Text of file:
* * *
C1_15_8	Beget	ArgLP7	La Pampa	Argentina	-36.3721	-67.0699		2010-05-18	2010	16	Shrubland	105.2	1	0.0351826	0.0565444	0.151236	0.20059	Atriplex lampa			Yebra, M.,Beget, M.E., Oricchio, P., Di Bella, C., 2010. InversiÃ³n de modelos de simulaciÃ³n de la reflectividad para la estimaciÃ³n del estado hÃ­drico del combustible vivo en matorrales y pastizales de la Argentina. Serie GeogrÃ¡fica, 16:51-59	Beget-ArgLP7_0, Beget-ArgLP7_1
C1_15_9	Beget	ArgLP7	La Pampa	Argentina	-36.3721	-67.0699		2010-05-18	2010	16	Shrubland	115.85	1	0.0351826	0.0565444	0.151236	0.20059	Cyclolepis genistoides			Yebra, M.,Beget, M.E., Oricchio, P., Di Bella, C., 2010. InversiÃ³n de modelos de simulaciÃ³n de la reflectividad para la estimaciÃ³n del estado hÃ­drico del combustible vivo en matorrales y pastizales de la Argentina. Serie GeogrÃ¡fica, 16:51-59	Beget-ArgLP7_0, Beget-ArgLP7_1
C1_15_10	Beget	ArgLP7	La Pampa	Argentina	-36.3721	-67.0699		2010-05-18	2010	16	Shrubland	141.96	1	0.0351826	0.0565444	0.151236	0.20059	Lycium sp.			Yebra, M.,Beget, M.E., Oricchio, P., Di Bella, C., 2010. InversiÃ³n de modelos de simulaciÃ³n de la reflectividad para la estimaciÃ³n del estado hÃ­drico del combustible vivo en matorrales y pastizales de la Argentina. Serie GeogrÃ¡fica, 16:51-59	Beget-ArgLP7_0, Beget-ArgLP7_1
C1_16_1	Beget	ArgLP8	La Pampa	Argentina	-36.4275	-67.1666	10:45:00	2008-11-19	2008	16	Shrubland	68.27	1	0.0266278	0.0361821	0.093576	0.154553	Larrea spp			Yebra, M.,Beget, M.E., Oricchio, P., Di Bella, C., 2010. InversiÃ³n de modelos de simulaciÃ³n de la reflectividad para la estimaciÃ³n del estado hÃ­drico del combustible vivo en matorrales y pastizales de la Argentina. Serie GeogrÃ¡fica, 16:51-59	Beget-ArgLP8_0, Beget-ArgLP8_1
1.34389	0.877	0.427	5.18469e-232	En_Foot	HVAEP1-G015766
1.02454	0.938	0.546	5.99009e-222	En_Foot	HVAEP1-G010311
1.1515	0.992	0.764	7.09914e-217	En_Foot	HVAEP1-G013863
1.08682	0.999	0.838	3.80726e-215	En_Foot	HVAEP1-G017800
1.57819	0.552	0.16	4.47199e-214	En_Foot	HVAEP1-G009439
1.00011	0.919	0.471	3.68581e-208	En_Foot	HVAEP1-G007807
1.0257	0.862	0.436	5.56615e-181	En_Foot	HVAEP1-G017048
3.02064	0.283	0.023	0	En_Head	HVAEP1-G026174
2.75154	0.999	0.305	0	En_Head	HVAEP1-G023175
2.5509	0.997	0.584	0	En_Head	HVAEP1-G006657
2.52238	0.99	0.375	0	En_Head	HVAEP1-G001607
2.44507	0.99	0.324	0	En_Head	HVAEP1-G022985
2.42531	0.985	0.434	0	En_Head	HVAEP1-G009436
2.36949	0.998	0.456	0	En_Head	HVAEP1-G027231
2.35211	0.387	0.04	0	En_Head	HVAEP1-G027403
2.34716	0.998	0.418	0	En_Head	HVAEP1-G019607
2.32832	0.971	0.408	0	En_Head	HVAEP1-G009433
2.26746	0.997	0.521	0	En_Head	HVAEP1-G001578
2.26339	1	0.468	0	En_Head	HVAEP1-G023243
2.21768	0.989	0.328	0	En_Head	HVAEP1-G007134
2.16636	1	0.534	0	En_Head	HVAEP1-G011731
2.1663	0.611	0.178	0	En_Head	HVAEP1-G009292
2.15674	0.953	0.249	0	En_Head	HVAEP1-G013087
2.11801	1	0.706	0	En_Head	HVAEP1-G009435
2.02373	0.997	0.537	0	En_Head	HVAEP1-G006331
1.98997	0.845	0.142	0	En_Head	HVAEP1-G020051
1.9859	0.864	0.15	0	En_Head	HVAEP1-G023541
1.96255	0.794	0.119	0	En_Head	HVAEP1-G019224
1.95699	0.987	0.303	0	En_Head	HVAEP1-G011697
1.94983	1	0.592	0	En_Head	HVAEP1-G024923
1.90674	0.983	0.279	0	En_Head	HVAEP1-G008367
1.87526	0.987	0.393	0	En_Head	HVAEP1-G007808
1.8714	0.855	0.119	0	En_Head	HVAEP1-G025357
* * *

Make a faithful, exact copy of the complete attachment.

C1_15_8	Beget	ArgLP7	La Pampa	Argentina	-36.3721	-67.0699		2010-05-18	2010	16	Shrubland	105.2	1	0.0351826	0.0565444	0.151236	0.20059	Atriplex lampa			Yebra, M.,Beget, M.E., Oricchio, P., Di Bella, C., 2010. InversiÃ³n de modelos de simulaciÃ³n de la reflectividad para la estimaciÃ³n del estado hÃ­drico del combustible vivo en matorrales y pastizales de la Argentina. Serie GeogrÃ¡fica, 16:51-59	Beget-ArgLP7_0, Beget-ArgLP7_1
C1_15_9	Beget	ArgLP7	La Pampa	Argentina	-36.3721	-67.0699		2010-05-18	2010	16	Shrubland	115.85	1	0.0351826	0.0565444	0.151236	0.20059	Cyclolepis genistoides			Yebra, M.,Beget, M.E., Oricchio, P., Di Bella, C., 2010. InversiÃ³n de modelos de simulaciÃ³n de la reflectividad para la estimaciÃ³n del estado hÃ­drico del combustible vivo en matorrales y pastizales de la Argentina. Serie GeogrÃ¡fica, 16:51-59	Beget-ArgLP7_0, Beget-ArgLP7_1
C1_15_10	Beget	ArgLP7	La Pampa	Argentina	-36.3721	-67.0699		2010-05-18	2010	16	Shrubland	141.96	1	0.0351826	0.0565444	0.151236	0.20059	Lycium sp.			Yebra, M.,Beget, M.E., Oricchio, P., Di Bella, C., 2010. InversiÃ³n de modelos de simulaciÃ³n de la reflectividad para la estimaciÃ³n del estado hÃ­drico del combustible vivo en matorrales y pastizales de la Argentina. Serie GeogrÃ¡fica, 16:51-59	Beget-ArgLP7_0, Beget-ArgLP7_1
C1_16_1	Beget	ArgLP8	La Pampa	Argentina	-36.4275	-67.1666	10:45:00	2008-11-19	2008	16	Shrubland	68.27	1	0.0266278	0.0361821	0.093576	0.154553	Larrea spp			Yebra, M.,Beget, M.E., Oricchio, P., Di Bella, C., 2010. InversiÃ³n de modelos de simulaciÃ³n de la reflectividad para la estimaciÃ³n del estado hÃ­drico del combustible vivo en matorrales y pastizales de la Argentina. Serie GeogrÃ¡fica, 16:51-59	Beget-ArgLP8_0, Beget-ArgLP8_1
1.34389	0.877	0.427	5.18469e-232	En_Foot	HVAEP1-G015766
1.02454	0.938	0.546	5.99009e-222	En_Foot	HVAEP1-G010311
1.1515	0.992	0.764	7.09914e-217	En_Foot	HVAEP1-G013863
1.08682	0.999	0.838	3.80726e-215	En_Foot	HVAEP1-G017800
1.57819	0.552	0.16	4.47199e-214	En_Foot	HVAEP1-G009439
1.00011	0.919	0.471	3.68581e-208	En_Foot	HVAEP1-G007807
1.0257	0.862	0.436	5.56615e-181	En_Foot	HVAEP1-G017048
3.02064	0.283	0.023	0	En_Head	HVAEP1-G026174
2.75154	0.999	0.305	0	En_Head	HVAEP1-G023175
2.5509	0.997	0.584	0	En_Head	HVAEP1-G006657
2.52238	0.99	0.375	0	En_Head	HVAEP1-G001607
2.44507	0.99	0.324	0	En_Head	HVAEP1-G022985
2.42531	0.985	0.434	0	En_Head	HVAEP1-G009436
2.36949	0.998	0.456	0	En_Head	HVAEP1-G027231
2.35211	0.387	0.04	0	En_Head	HVAEP1-G027403
2.34716	0.998	0.418	0	En_Head	HVAEP1-G019607
2.32832	0.971	0.408	0	En_Head	HVAEP1-G009433
2.26746	0.997	0.521	0	En_Head	HVAEP1-G001578
2.26339	1	0.468	0	En_Head	HVAEP1-G023243
2.21768	0.989	0.328	0	En_Head	HVAEP1-G007134
2.16636	1	0.534	0	En_Head	HVAEP1-G011731
2.1663	0.611	0.178	0	En_Head	HVAEP1-G009292
2.15674	0.953	0.249	0	En_Head	HVAEP1-G013087
2.11801	1	0.706	0	En_Head	HVAEP1-G009435
2.02373	0.997	0.537	0	En_Head	HVAEP1-G006331
1.98997	0.845	0.142	0	En_Head	HVAEP1-G020051
1.9859	0.864	0.15	0	En_Head	HVAEP1-G023541
1.96255	0.794	0.119	0	En_Head	HVAEP1-G019224
1.95699	0.987	0.303	0	En_Head	HVAEP1-G011697
1.94983	1	0.592	0	En_Head	HVAEP1-G024923
1.90674	0.983	0.279	0	En_Head	HVAEP1-G008367
1.87526	0.987	0.393	0	En_Head	HVAEP1-G007808
1.8714	0.855	0.119	0	En_Head	HVAEP1-G025357